Sand production plant

Sand plays a critical role as a construction aggregate and deserves special attention when considering the means of process control. Unlike coarse aggregate where various types of crushers may be used to upgrade mineral quality, sand basically relies on the same techniques to address both mineral quality and sizing. These techniques are called particle exclusion. Whichever size the Producer decides to eliminate for quality reasons obviously also affects the sizing.

1. Natural sand

Good quality natural sand is readily available in many areas and may be easy to obtain and process. As with the gravels that they often accompany, the sand deposits may not have been laid uniformly, meaning a potential change in quality and size is possible. In some deposits, sand found below the water table differs in fines content and quality from that found above the water table. Subsurface drilling, sampling, and testing is necessary to know to what degree and where these differences occur. Standard operating procedures in the Quality Control Plan should address the process if differences in size and quality are encountered, as a uniformly graded product of predictable quality is required to be maintained.

2. Manufactured sand

Because of the angularity, manufactured sand is very beneficial for use in hot mix asphalt where stability is critical. Many quarries are high in clay content and often a large amount of dust ends up in the feed stock for manufactured sand. Care is required to be taken to select the appropriate classification equipment that removes the necessary amount of minus No.200, yet retains other fractions of the sand gradation that are needed. For some uses, particle shape is important. Particle shape is set primarily by the crushing operation for the coarse aggregate. Any changes in crushers or crushing techniques may affect the properties of the manufactured sand product and therefore affect the customer’s use of the product.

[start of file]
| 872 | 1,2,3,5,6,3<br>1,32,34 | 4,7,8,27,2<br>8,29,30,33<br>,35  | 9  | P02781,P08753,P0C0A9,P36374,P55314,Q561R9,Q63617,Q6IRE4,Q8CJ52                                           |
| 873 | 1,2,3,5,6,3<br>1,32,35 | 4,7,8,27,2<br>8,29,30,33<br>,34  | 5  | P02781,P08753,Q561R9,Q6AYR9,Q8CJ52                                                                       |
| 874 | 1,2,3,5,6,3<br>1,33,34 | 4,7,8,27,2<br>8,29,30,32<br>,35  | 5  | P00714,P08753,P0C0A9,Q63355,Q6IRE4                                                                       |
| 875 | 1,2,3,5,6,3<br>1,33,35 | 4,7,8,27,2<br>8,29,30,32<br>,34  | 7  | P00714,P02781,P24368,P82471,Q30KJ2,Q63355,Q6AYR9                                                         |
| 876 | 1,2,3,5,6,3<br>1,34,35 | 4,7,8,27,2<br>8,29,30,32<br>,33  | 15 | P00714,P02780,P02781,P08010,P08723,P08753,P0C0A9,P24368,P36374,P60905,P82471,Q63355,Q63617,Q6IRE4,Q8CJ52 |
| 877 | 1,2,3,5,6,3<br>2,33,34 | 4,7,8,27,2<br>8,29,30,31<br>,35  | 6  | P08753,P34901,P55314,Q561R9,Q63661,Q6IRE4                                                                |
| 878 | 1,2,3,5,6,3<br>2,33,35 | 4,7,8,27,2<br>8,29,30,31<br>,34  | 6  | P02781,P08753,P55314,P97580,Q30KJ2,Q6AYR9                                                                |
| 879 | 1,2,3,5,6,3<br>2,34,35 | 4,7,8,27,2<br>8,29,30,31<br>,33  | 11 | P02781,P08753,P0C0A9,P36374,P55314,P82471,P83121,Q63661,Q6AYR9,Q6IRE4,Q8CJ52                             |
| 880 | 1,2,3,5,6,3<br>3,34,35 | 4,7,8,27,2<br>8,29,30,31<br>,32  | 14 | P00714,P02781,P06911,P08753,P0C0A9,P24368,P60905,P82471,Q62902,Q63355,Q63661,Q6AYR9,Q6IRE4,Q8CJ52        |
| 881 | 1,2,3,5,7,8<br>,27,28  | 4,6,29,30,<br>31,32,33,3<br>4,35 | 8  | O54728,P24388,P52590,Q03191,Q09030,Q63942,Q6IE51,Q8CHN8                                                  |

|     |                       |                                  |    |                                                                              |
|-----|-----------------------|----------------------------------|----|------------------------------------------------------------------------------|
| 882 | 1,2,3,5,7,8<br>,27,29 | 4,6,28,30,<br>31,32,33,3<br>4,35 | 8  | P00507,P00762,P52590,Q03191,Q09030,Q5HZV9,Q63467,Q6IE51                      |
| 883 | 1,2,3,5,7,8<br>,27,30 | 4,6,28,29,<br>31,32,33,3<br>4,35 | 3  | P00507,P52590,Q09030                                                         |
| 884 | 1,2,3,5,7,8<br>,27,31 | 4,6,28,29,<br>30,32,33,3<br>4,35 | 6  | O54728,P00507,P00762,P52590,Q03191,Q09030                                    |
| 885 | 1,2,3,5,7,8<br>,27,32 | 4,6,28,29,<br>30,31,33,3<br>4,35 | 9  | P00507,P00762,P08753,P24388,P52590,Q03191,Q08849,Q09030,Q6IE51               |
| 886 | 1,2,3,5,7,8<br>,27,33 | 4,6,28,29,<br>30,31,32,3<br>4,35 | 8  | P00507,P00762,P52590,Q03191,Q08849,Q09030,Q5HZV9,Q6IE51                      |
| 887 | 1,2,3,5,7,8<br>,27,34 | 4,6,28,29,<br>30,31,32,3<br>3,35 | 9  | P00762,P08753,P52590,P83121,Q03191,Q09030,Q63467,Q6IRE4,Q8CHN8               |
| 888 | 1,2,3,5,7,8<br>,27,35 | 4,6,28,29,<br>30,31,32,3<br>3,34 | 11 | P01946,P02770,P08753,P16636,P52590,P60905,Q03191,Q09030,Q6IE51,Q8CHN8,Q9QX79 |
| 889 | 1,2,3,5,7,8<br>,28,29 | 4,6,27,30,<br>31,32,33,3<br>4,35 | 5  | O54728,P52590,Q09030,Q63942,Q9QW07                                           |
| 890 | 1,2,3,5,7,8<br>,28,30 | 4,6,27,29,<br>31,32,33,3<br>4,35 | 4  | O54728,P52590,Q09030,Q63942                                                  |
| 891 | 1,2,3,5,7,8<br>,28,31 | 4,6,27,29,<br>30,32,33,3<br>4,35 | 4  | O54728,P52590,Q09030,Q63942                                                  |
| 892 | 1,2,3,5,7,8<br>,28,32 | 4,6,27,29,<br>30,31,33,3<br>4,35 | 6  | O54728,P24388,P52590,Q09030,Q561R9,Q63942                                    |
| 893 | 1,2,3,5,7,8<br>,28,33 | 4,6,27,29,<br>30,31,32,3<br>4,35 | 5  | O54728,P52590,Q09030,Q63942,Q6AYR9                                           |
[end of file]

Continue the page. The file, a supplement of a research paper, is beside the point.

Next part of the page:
3. Processing

Very few sand products are produced by air classification or by direct nonwashed screening. Most sands are produced with wash water and water classification. The key to all rinsing and water classifying systems is adequate delivery of water. Inadequate water supply and poor maintenance are the two most common reasons for inconsistent sand gradations. The most common water classifier is a simple screw sand washer (Figure 1) which may make a single “cut” in gradation and float out a certain amount of fines. By altering the through-put and rate of water flow the cut point may be changed.

A variation of the screw sand washer is the wheel sand washer (Figure 2). This device also is capable only of making a cut in the feed stock but may be more finely tuned and may be the better choice when trying to retain as much No. 50 and No. 100 material as possible.

An even more sensitive method of cutting out fines is the wet cyclone (Figure 3). The sand slurry in the cyclone is spun at a prescribed velocity. Centrifugal force separates the coarser fraction from the water and fines which exit to the pond.

Any of these techniques could conceivably be used with others in tandem or in tandem with rinse screens. The material could then be back-blended to create a desired product. A simpler and probably more cost effective way to control a sand gradation on multiple sieves is the rising current, multiple cell classifier. This equipment has numerous cells, each having varying water pressures that for different sizes of material. Any number of cells may then be combined to create the final product. With this type of system a high degree of process control is possible.